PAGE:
Honorable, Even if Decaying - 75%

CrimsonFloyd, December 13th, 2012

Neurosis is a band that is known for balance. Ever since 1992’s Souls at Zero, the Oakland legends have constantly found new ways to integrate acoustic, ambient and avant-garde elements into their ultra-heavy brand of sludge metal. Even 2001’s A Sun that Never Sets, which injects a heavy dose of folk and blues elements into the mix, still manages to achieve a beautiful harmony between soft and heavy, dark and light.

More recently, Neurosis has struggled to simultaneously maintain its identity and continue to innovate. 2004’s The Eye of Every Storm left the metallic dimension at the fringes of the compositions; the result was a Neurosis album in name, but not in sound. The group seemed to recognize they had strayed too far and in 2007 released Given to the Rising, their darkest, heaviest and most emotionally demanding album since 1996’s Through Silver in Blood. However, Given to the Rising is perhaps a little too retro; though it is a riveting album, it lacks the experimental spirit that typifies Neurosis.

Neurosis’s latest offering, Honor Found in Decay regains equilibrium, providing a number of new sounds while preserving the group’s core features: dense riffs, tribal drum patterns, doomy tempos and Steve von Till’s blending of bluesy croons and grizzly roars. Though the primary sounds are similar to those found on other Neurosis albums, they are employed to create a slightly different mood. For the most part, Honor Found in Decay displays a more introspective and less ferocious side of Neurosis. The primary theme of the lyrics is the challenge one faces when trying to let go of his or her past. The songs are littered with images of cleansing, departing and releasing.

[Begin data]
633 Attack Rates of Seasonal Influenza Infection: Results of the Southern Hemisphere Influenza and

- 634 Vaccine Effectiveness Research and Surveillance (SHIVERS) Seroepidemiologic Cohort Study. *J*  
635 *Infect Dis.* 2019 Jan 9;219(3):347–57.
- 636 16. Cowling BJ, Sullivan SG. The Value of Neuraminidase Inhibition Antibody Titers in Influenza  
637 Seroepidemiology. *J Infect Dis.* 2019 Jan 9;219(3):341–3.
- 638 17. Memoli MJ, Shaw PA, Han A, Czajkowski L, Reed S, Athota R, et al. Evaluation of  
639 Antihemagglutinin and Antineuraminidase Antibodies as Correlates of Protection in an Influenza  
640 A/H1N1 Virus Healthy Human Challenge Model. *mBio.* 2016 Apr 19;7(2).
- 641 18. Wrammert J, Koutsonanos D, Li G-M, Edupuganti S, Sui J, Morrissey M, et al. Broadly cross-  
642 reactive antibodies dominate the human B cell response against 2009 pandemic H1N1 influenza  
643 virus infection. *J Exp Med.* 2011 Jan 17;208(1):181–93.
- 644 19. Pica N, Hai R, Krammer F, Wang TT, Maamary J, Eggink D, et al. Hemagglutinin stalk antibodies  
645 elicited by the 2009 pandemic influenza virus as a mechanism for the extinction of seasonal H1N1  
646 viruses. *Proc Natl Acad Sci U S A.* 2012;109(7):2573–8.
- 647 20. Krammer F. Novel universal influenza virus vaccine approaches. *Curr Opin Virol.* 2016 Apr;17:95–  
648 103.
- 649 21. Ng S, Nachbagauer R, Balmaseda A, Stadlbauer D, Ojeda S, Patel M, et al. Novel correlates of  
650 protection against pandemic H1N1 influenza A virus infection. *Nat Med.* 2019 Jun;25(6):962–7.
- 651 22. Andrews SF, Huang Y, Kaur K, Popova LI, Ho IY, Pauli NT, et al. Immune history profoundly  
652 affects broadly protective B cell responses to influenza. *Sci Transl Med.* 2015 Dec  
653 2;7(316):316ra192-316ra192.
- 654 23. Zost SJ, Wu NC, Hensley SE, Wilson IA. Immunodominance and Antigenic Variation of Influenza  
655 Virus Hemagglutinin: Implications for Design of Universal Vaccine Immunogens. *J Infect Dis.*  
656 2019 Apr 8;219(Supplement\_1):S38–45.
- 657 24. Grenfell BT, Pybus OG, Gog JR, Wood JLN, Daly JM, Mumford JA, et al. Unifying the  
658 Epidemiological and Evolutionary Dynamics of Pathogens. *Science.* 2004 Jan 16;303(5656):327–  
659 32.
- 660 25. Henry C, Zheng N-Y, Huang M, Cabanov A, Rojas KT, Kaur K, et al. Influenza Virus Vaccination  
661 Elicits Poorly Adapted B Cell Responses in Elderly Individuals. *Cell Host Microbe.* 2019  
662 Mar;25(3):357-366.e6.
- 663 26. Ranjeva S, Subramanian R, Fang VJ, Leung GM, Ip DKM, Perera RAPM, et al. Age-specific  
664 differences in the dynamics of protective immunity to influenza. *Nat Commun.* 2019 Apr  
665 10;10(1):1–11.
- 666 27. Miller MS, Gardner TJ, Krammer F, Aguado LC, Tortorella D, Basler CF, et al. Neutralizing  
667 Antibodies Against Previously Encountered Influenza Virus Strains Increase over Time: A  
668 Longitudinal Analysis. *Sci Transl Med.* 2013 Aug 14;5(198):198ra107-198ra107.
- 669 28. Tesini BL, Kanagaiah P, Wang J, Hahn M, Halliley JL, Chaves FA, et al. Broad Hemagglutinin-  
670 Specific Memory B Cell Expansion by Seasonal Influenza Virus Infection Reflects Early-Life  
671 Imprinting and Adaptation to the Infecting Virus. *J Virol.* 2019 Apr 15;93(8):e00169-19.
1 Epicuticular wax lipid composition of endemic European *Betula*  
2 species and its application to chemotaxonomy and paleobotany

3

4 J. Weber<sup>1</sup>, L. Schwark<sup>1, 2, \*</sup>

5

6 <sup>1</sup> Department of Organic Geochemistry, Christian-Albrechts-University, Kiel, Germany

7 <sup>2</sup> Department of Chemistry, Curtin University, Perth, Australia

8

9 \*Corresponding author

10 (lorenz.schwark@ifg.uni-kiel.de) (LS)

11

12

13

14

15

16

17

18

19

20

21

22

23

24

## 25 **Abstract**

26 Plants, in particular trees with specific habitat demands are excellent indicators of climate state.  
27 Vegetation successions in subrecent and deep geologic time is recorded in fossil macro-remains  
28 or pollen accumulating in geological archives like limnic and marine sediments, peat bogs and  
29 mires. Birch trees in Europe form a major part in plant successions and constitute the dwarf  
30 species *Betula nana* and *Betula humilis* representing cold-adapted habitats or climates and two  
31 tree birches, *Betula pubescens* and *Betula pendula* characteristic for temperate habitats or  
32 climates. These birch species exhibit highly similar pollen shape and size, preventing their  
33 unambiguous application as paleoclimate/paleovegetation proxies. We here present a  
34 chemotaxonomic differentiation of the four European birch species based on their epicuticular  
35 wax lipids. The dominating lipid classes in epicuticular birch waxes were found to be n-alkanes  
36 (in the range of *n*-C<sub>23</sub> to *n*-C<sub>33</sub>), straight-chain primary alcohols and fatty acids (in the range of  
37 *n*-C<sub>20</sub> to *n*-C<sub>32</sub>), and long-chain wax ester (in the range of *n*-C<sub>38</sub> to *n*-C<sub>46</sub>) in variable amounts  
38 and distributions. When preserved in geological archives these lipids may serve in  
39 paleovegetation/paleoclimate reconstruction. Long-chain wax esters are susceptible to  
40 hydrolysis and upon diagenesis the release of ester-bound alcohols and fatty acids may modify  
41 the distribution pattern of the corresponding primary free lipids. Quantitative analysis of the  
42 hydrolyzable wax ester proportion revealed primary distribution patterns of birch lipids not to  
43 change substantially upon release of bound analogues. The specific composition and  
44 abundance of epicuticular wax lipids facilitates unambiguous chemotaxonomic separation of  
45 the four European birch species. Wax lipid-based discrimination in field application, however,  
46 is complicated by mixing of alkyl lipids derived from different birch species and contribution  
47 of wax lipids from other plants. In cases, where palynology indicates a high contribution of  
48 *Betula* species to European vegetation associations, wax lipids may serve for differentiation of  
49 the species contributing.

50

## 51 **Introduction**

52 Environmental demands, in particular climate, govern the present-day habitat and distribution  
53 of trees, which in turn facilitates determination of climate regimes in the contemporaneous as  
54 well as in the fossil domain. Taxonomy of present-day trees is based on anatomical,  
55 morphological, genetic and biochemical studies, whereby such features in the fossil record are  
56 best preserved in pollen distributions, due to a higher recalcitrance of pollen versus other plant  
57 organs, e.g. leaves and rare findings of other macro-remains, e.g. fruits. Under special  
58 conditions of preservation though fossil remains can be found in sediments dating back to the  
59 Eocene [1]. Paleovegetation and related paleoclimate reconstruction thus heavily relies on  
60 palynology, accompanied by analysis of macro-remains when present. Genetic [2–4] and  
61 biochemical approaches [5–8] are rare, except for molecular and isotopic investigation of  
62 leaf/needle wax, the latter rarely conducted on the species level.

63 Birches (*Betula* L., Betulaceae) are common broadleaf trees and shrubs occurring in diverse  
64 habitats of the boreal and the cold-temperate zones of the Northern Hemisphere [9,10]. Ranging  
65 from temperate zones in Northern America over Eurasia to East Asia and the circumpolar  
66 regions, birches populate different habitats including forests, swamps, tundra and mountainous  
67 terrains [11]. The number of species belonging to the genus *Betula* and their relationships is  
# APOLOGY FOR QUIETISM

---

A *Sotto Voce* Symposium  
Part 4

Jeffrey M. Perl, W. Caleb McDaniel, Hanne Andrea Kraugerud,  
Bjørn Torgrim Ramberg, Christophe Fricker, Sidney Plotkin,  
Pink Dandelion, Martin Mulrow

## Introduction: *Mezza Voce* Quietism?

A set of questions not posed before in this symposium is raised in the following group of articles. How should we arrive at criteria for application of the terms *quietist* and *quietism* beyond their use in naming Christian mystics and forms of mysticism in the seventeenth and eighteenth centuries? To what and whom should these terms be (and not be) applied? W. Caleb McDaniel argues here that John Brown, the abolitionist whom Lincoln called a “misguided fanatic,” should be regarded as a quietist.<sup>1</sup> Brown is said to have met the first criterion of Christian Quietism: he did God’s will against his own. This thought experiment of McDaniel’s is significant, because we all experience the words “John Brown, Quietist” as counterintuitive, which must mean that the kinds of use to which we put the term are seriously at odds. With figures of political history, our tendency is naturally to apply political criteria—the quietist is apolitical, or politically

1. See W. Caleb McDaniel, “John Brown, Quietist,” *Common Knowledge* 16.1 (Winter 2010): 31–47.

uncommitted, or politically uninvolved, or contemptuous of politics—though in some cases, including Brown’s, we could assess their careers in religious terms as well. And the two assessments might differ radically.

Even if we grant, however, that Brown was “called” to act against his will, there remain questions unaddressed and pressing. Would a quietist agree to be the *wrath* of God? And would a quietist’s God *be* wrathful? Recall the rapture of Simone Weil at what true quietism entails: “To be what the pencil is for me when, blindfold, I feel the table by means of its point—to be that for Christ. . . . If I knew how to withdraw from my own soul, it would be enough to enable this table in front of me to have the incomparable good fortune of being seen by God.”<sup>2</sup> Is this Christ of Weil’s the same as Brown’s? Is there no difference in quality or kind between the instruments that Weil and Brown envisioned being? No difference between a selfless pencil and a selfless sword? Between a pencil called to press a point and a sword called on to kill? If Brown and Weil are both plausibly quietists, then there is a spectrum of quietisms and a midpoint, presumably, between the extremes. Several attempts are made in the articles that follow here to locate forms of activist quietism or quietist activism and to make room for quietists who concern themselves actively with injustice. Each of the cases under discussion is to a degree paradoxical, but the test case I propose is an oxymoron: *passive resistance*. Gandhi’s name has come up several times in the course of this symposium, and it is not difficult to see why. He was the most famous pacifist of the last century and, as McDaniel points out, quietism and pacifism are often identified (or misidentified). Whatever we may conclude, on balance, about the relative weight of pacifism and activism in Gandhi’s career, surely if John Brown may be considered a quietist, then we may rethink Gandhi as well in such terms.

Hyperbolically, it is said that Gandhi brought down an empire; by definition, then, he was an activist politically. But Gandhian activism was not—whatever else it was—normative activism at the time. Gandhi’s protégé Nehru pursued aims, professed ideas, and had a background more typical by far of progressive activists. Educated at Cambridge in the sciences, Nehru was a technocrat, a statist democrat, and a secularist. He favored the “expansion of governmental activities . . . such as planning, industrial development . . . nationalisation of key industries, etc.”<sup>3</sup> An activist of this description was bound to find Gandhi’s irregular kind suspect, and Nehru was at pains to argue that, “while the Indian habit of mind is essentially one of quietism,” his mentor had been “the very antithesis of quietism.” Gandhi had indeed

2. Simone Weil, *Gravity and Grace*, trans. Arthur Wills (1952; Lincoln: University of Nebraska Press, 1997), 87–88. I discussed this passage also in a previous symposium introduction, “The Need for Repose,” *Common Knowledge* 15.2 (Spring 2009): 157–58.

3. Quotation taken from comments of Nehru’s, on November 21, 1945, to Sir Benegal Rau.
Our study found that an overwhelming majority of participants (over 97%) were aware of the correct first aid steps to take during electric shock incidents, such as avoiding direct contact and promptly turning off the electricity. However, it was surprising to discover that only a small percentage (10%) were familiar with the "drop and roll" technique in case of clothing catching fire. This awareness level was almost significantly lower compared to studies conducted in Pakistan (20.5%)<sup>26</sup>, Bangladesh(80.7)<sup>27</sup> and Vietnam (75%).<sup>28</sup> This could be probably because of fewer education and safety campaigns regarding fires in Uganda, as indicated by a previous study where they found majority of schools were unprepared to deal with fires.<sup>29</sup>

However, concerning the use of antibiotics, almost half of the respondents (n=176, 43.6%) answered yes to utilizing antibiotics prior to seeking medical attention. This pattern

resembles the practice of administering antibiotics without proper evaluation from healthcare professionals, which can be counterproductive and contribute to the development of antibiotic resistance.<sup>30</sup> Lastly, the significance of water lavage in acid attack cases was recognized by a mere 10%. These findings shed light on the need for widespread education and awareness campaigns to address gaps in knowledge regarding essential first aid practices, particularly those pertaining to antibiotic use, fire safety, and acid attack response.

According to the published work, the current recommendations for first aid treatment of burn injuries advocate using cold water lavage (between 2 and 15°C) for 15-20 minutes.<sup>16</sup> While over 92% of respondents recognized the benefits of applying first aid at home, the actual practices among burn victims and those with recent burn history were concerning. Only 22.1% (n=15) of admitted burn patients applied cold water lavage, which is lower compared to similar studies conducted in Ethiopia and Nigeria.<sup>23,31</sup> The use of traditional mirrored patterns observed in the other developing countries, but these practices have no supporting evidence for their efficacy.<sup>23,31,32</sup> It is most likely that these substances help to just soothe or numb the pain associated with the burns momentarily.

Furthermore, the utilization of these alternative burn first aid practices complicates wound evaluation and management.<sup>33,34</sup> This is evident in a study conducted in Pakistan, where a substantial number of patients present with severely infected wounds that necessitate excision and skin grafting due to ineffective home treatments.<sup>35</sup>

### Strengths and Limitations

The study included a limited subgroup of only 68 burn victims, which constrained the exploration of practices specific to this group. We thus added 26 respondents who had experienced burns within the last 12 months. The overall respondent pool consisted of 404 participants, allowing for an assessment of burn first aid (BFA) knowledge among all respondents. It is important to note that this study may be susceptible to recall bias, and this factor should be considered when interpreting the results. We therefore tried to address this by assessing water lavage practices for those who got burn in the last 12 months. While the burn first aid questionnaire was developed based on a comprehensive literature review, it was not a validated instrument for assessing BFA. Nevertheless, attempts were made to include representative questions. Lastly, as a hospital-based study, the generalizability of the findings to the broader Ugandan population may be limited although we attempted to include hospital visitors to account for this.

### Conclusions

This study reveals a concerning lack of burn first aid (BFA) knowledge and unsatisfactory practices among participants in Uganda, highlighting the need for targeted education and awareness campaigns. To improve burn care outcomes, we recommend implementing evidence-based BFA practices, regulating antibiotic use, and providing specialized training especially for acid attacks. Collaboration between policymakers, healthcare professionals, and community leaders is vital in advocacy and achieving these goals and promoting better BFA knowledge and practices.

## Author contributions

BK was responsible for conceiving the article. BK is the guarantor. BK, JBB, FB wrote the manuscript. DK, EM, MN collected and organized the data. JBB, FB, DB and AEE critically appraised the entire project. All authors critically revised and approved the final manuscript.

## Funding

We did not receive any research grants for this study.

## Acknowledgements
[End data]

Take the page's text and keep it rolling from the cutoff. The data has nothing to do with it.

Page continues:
Harsher, more violent riffs are employed to depict the burden that is being extricated. For example, “My Heart for Deliverance” starts with riffs that rumble like biblical thunderstorms; yet, their force feels like a distant memory that is still tangible but fading. Von Till sings of “a life spent in broken arms” and yearns for deliverance from his origin. In the second half of the song, he seems to receive that freedom. The music becomes brighter, achieving a gentle catharsis, spearheaded by soaring, rustic string samples. “Bleeding the Pigs” opens and closes with the type of slow, crushing passage that characterized Enemy of the Sun and Through Silver in Blood. However, even here, von Till’s lyrics speak of a cleansing oneself from the past. “Scrape the black tar from your past life,” commands von Till as the song enters its most severe passage.

Keyboardist Noah Landis is in especially strong form throughout the album. Listeners will have a hard time convincing themselves that there are not actual violins, violas and accordions on the album, but apparently all those sounds are the product of Landis’s keyboards. His organ on “Casting of the Ages” is the driving force that makes the song such an epic, toilsome journey. His splattering of eerie beeps and buzzes throughout the album’s quieter passages keeps the audience anticipating the metallic roar that inevitably lays a few bars away.

While the aforementioned tracks display the sort of compositional brilliance that has come to be expected of Neurosis, other songs are surprisingly unfocused. “All is Found… in Time” wanders from one trope to another before ending somewhat randomly. The lethargic and monotonous “Raise the Dawn” breaks the band’s long-standing tradition of ending albums on a high note (though the passage of Asiatic violin and acoustic guitar that close the song is exquisite).

While it’s nice that Neurosis did not simply retread its old footsteps this time out, it’s disappointing that the quality of the compositions is so inconsistent. Most Neurosis albums are powerful journeys that keep the listener hooked form track one to the grand finale; fair or not, Honor Found in Decay fails to live up to that high standard. There is certainly enough quality material on here that fans should not overlook it, but after a five year wait, it would be fair to call Honor Found in Decay a minor disappointment.

Originally written for